‘In order to be effective, Careers Leaders require a substantial allocation of time (measured in days rather than periods per week). Ideally, this is supported by additional administrative support (a Careers Administrator) to assist with more routine tasks, such as maintaining the careers information resources, booking appointments for careers interviews, arranging information evenings and dealing with the paperwork associated with employer encounters and experiences of work.’[5]

Each school or college’s SLT needs to have a clear understanding of the amount of work involved in delivering effective Careers Leadership, as well as the potential implications for Osfted inspections if this is not resourced adequately.

More time for personal guidance

The Statutory Guidance states that schools and colleges must ensure that access to a careers adviser trained to Level 6 is available when needed,[6] but now contains clearer advice about the time that should be allocated to this important aspect of the guidance process. Citing research published by the Gatsby Foundation, the guidance emphasises that senior leaders need to ensure that careers advisers have sufficient time to deliver guidance to a high standard, recommending that at least 45 minutes is allocated to each guidance interview. The need for this is supported by a HECSU-funded study published in 2018, which found that 45 minutes allows sufficient time exploration of the student’s needs and their options, as well as adequate action planning time.

Wider sources of support

This version of the Statutory Guidance provides details of the additional support offered by organisations such as the Careers and Enterprise Company, Careers Hubs, the National Careers Service, and Jobcentre Plus. For instance, the Careers and Enterprise Company’s Enterprise Adviser Network can help schools set up meaningful encounters with the world of work,[7] while Jobcentre Plus school advisers can work with students that schools and colleges have identified as being at risk of leaving without entering further education, training, or work.[8] All of these sources of support are useful supplements to the roles of the careers leader and careers adviser but do not replace them. For instance, the guidance states that the National Careers Service can ‘supplement support available to students through the school or college, particularly outside of term time’, and thus is not intended as a replacement for school or college-based support.[9]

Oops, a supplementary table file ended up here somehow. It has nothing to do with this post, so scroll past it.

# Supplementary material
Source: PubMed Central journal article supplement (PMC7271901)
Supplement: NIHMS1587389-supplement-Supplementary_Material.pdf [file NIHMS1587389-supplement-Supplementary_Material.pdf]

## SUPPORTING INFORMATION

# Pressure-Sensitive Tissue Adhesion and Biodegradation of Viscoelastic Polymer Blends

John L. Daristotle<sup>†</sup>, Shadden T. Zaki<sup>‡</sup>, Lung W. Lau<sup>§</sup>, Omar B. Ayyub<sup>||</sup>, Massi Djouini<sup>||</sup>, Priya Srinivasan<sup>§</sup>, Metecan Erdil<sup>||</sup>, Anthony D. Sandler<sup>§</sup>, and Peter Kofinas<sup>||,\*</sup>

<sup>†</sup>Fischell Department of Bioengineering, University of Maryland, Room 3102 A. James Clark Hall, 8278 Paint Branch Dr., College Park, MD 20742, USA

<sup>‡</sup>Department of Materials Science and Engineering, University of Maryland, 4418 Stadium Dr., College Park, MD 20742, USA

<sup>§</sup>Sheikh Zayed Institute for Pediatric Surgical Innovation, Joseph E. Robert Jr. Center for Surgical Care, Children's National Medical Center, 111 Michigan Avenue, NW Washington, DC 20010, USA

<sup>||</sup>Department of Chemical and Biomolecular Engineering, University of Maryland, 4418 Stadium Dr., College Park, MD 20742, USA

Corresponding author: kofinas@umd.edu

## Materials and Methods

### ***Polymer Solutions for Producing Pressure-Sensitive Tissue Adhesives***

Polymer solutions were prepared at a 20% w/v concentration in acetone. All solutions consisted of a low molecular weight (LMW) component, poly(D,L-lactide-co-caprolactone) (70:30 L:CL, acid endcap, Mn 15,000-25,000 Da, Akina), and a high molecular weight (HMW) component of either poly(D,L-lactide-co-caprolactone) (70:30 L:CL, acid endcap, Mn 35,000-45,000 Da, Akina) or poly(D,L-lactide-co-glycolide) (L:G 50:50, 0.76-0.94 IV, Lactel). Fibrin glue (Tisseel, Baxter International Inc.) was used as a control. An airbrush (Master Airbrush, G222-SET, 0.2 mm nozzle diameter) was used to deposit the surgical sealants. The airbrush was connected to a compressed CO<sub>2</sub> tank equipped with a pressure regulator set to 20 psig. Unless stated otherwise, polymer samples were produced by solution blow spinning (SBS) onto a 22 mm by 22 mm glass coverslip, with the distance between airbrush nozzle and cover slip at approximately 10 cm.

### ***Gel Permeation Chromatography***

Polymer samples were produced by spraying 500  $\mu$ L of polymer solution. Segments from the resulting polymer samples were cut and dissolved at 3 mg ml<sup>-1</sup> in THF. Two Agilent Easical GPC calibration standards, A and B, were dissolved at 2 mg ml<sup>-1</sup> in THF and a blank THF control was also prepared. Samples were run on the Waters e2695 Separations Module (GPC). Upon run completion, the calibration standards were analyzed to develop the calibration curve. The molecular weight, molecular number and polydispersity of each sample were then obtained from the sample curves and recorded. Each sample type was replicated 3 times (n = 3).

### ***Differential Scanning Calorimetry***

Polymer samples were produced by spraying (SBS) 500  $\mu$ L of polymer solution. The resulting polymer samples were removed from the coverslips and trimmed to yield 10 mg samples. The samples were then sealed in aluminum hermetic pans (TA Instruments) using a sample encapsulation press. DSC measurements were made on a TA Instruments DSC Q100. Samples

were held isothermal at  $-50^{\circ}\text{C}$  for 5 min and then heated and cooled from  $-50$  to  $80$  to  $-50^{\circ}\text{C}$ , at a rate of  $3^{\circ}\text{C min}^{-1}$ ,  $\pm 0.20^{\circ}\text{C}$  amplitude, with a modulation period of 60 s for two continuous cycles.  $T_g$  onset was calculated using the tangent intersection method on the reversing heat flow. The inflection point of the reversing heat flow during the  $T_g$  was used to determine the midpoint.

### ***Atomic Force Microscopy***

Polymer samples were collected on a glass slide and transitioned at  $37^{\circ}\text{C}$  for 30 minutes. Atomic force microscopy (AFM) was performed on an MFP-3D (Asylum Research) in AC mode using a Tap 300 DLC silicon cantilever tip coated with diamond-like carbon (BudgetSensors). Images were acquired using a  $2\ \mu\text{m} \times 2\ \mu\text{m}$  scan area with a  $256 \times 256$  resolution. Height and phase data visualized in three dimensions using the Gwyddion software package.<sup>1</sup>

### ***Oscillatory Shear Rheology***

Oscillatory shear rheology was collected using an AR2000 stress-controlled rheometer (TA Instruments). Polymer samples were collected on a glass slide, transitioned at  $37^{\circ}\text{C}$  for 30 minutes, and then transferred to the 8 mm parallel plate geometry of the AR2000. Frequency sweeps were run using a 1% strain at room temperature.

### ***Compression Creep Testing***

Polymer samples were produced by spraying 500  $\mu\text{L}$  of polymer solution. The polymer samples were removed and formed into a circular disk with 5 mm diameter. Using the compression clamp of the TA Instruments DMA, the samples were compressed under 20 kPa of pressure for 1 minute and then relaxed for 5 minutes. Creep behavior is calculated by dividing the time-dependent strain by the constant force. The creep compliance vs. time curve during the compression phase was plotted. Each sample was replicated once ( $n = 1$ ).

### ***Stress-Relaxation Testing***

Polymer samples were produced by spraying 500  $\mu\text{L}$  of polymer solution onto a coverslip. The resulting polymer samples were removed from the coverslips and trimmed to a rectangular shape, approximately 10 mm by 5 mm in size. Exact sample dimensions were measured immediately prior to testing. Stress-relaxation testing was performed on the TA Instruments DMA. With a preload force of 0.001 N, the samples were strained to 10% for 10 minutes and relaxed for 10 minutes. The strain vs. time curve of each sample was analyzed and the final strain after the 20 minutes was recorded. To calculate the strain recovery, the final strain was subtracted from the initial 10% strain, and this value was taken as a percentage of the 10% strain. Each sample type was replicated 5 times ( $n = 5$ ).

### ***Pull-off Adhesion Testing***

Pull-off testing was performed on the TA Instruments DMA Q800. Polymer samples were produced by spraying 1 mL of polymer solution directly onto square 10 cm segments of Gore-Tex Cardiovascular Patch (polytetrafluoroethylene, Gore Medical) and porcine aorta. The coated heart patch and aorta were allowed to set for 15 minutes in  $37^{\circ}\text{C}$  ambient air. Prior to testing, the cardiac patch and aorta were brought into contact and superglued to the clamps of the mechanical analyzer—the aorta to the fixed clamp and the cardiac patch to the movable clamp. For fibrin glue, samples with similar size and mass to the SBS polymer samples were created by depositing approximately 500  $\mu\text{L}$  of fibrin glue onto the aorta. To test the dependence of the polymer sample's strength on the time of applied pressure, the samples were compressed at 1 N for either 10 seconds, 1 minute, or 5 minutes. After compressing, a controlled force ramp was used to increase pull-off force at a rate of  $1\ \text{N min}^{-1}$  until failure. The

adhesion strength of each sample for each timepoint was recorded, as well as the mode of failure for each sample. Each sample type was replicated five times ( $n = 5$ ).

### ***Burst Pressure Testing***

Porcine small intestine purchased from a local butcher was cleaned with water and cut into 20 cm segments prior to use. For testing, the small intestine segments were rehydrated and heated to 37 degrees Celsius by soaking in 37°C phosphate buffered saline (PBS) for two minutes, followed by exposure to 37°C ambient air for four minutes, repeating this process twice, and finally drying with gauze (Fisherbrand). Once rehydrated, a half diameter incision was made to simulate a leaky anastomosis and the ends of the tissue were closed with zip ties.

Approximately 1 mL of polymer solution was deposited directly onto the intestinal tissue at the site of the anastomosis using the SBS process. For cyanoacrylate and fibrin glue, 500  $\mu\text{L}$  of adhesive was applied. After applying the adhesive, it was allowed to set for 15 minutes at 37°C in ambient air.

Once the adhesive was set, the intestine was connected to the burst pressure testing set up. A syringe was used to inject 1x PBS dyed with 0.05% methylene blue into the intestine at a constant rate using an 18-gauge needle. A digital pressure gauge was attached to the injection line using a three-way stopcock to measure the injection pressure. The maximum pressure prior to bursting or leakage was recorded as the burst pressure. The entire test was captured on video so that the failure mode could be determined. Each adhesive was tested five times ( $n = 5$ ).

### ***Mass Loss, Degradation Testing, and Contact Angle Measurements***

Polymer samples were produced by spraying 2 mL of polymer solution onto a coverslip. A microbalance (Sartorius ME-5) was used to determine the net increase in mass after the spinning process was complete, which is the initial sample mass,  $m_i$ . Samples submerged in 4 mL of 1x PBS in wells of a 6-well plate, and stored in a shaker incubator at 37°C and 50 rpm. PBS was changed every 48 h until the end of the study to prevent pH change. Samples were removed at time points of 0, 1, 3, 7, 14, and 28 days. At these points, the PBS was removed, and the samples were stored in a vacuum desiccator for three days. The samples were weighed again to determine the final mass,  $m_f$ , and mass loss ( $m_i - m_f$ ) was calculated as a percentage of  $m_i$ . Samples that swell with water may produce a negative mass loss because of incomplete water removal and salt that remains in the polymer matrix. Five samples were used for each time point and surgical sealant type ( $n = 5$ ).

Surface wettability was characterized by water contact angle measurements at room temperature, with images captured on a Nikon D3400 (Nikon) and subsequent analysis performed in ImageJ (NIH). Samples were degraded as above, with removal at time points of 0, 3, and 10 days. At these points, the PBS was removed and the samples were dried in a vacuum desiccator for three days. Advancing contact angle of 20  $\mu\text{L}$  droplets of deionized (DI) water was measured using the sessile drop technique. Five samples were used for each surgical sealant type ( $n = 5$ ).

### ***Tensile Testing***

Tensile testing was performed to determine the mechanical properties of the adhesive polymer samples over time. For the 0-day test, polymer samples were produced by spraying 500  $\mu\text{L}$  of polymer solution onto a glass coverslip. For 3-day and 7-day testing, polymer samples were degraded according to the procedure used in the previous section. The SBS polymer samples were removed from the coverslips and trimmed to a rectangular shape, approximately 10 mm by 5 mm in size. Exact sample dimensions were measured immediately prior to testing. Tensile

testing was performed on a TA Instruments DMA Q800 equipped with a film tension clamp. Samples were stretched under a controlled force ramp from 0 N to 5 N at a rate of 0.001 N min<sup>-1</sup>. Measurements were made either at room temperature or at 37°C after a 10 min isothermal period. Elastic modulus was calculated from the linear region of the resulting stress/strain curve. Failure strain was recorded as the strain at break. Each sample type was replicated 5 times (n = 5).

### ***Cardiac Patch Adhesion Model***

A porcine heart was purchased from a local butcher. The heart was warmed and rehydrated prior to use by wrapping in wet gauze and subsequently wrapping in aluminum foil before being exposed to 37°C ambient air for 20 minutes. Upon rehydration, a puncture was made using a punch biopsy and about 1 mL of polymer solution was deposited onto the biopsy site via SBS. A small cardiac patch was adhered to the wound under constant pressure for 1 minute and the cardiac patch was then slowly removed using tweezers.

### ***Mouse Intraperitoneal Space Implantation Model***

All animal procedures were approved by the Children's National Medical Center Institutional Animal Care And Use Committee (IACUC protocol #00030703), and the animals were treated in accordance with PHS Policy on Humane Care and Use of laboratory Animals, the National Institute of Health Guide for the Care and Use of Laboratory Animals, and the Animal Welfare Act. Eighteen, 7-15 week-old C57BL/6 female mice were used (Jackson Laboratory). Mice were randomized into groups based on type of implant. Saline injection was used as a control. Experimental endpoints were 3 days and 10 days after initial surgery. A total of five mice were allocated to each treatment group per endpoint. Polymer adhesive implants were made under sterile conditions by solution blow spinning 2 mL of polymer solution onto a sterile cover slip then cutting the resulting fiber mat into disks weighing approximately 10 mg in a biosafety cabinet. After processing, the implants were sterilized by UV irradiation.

In conclusion

The new Statutory Guidance for Careers provides further evidence that the Government is serious about maintaining high quality career education and guidance in schools and colleges, as described by the Gatsby Benchmarks. There is more detail than ever before on what makes for high quality, effective careers leadership, the support available to careers leaders, and the enhanced role of Ofsted in monitoring school- and college-based career guidance.  It is required reading for careers leaders, careers advisers, and school and college senior leadership teams.



Careers and Enterprise Company, ‘Understanding the role of the Careers Leader’ (London: The Careers and Enterprise Company, 2018).

Department for Education, ‘Careers guidance and access for education and training providers: Statutory guidance for schools and guidance for further education colleges and sixth form colleges’ (July 2021).

Ofsted, ‘School inspection handbook’ (May 2019). Available at: School inspection handbook – GOV.UK ( (Accessed: 27.09.2021)

The Gatsby Charitable Foundation, ‘Personal guidance in careers: Summary of research 2019-2020’ (London: The Gatsby Charitable Foundation, 2021).

Roísín Reid, Emily, ‘Length matters! Exploratory research into the impact the shortening of guidance appointments is having on practice’ (HECSU, 2018).


[1] Department for Education, ‘Careers guidance and access for education and training providers: Statutory guidance for schools and guidance for further education colleges and sixth form colleges’ (July 2021), 7.

[2] Ibid., 33.

[3] Ibid., 11.

[4] Ibid., 10.

[5] Careers and Enterprise Company, ‘Understanding the role of the Careers Leader’ (London: The Careers and Enterprise Company, 2018), 15.

[6] Statutory Guidance, 38 (footnote).

[7] Ibid., 24.

[8] Ibid., 19.

[9] Ibid., 11.